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|The Theme of the Film|

《The market is a living thing. It is given a new form with each day by the throngs of workers and shoppers, that great mass of humanity.》The theme of this film goes beyond just recording the daily goings-on of a market. The film had to be about the passion and the pride of the people that work there. We had to capture the very air that they breathed. Tsukiji operates as part of a very complex system. In order to capture the essence of the place, we had to sort through a massive amount of information. More than anything, we wanted to keep the film focused on people, not relying on narration, but on the voices of those who make the market what it is. Nakaoroshi, the intermediate wholesalers who work at the market were placed at center stage, with the viewpoints of the chefs and cultural personalities added to give an overhead view. On a more concrete level, we also wanted the film to make people “want to eat fish”.

|Filming Episodes|

We could talk forever about how hard it was to do the filming. We often went 24 hours without sleep, filming from late at night until the following evening. Tsukiji is a very big place, and we would have to walk the whole grounds from end to end carrying all of our equipment. It wasn’t out of the question to walk 50,000 steps a day, a distance of over 35 kilometers. We made our staff as small as possible to be able to film inside the small shops.  Especially difficult was capturing the various daily occurrences of the market, which at first glance seem chaotic, but everyone seems to know their place and purpose. Nothing seems planned, but everything moves as if it was. We were often not able to film at the right time, and sometimes, due to the weather, there was no catch to film. Things frequently did not go according to plan. There was always a feeling of tension knowing that “the things happening in front of us, weren’t going to happen again for a second take.” The videographers put their soul into capturing the moment in each take. Chance encounters often became chances to film. We often met chefs by chance in the market, and talk would eventually lead to taking footage. Many people who normally refuse to allow the media into their establishments consented to our filming if it was “for Tsukiji”. These encounters especially left us with a feeling of how integral Tsukiji was to these people’s lives.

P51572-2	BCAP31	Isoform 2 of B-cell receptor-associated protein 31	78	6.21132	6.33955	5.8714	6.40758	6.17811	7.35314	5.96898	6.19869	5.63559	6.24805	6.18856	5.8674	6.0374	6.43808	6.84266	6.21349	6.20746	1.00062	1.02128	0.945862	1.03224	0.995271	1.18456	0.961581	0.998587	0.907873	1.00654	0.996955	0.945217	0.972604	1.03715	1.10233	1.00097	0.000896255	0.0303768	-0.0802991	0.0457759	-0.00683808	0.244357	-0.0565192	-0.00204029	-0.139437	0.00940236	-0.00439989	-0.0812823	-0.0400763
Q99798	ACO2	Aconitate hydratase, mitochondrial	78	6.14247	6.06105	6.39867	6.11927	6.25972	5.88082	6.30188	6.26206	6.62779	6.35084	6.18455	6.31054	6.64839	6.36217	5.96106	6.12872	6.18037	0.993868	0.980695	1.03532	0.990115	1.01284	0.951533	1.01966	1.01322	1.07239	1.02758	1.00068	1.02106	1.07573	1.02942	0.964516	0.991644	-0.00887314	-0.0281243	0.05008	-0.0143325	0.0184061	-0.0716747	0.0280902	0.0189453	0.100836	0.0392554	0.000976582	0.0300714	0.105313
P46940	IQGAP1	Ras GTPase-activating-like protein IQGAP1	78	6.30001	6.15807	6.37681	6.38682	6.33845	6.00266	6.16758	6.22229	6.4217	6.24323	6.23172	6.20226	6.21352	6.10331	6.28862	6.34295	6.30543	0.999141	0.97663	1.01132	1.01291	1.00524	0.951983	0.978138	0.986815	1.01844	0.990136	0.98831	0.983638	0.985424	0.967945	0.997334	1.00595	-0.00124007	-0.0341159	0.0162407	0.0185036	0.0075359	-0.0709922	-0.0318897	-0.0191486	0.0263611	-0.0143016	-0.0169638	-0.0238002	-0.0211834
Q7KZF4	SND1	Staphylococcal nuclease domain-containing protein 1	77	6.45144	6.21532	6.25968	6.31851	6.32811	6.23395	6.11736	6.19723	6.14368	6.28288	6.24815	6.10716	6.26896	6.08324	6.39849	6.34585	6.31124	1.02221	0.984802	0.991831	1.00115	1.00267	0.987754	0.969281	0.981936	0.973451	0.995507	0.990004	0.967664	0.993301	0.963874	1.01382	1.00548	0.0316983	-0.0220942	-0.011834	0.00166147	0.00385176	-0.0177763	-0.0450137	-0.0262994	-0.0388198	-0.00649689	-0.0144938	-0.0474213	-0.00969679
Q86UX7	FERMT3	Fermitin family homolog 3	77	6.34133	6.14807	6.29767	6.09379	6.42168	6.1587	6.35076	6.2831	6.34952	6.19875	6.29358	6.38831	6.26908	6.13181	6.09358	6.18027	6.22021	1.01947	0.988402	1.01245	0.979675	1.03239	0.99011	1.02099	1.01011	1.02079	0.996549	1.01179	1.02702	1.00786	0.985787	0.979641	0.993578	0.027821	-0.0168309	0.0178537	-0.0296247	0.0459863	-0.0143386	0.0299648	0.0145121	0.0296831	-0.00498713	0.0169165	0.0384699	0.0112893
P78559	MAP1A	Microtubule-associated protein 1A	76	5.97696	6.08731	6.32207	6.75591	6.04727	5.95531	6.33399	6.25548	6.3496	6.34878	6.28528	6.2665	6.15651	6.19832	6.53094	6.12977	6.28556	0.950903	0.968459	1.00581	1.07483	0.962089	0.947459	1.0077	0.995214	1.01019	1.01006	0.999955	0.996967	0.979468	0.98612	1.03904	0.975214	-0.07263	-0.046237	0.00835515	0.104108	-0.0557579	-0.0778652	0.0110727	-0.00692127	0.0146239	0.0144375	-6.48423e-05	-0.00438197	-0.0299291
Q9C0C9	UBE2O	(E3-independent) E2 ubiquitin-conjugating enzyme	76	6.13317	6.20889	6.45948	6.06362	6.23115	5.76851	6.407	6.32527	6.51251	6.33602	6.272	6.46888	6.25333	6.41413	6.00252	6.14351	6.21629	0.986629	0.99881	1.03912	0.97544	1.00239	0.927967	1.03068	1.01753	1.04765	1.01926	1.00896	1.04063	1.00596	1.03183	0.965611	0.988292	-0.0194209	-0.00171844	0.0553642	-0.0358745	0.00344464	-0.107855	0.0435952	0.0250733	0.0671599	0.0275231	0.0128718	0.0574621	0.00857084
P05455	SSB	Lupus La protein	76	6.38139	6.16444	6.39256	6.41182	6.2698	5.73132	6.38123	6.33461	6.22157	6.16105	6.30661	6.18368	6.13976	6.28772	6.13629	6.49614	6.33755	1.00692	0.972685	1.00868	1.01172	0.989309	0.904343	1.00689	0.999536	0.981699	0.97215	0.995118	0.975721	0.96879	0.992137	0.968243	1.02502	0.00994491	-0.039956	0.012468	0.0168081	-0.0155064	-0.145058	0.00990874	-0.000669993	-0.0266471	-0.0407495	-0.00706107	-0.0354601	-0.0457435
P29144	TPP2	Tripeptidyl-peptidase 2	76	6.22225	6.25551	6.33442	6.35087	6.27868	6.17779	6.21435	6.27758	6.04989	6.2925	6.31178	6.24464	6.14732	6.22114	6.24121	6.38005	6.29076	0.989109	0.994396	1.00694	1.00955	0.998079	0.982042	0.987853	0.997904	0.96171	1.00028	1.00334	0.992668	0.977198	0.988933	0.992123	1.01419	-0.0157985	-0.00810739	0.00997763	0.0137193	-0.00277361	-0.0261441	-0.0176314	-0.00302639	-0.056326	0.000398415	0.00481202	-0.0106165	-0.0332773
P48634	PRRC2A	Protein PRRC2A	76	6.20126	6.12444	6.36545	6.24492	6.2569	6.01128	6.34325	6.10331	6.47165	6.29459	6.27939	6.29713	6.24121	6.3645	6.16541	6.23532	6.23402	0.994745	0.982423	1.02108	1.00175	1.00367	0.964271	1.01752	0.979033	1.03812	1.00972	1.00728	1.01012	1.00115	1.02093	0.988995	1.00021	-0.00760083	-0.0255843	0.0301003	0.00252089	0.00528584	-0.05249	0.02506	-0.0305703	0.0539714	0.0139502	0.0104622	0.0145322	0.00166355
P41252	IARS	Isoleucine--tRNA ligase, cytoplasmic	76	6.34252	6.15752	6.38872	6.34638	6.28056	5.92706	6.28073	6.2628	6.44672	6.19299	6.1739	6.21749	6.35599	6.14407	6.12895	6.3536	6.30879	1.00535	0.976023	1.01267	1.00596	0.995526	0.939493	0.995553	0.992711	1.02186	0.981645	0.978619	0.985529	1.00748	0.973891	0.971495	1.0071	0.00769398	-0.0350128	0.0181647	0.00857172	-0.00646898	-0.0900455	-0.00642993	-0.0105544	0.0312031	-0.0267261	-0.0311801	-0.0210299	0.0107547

|Precious Footage of the Grand Opening of Tsukiji|

As we were gathering more and more information for the film, we discovered that there was rare footage of the market taken 80 years ago. We wanted very much to use it to tell some of the history of Tsukiji in our film. We decided to restore the film and convert it to a digital format. It was a gamble as we didn’t know what was in it. The result was amazing. In the film was not a recording of the construction site that would later become Tsukiji, but the magnificent completion ceremony and massive grand opening.  All of this mysteriously occurred in the same year that the exact time that Tsukiji would be relocated was announced. The director muttered, “It’s almost as if the film had called us to witness the birth of Tsukiji.”

|Post-production|

Starting in February 2015, the dirctor edited the footage himself. It took ten months to go through the mass of footage of interviews with nearly 150 people and select the right words from each of them. For reasons other than that as well, post-production faced difficulties. The problem was that much of the footage was taken in varying environments. The dubbing part of the sound editing was done by Yoshifumi Kureishi who has recently worked in recording for Team Kitano. The market was full of many more conflicting sounds than expected. The film needed a subtle touch using a variety of methods. Color correction was done by Masahiro Hasegawa who has previously received passionate praise from camera men that he has worked with in commercials. Dealing with the vast number of cuts that were taken with different cameras made things all the more difficult. Without the skills of our colorist, we would not have been able to perform the difficult task of portraying the unique atmosphere of Tsukiji and bringing the fish and cuisine to the fore. Music was handled by a young and upcoming artist by the name of Takahiro Kido who heeded the enthusiastic call of the director himself. His talent has been recognized the likes of Ryuichi Sakamoto himself. He created over 20 new tracks in consultation with the director. Thanks to the combined masterful efforts of Pipeline Inc. and all of those involved with the production, the film will finally be finished in December 2015.

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【Filming Period】
16months from March 2014 to June 2015
*Serious efforts of taking raw footage began in May 2014. Additional footage was taken at the first auction of the year in January 2014, on October 23rd and November 9th, 2015.
【Total Hours of Film】
602 Hours
【Total Days Filming】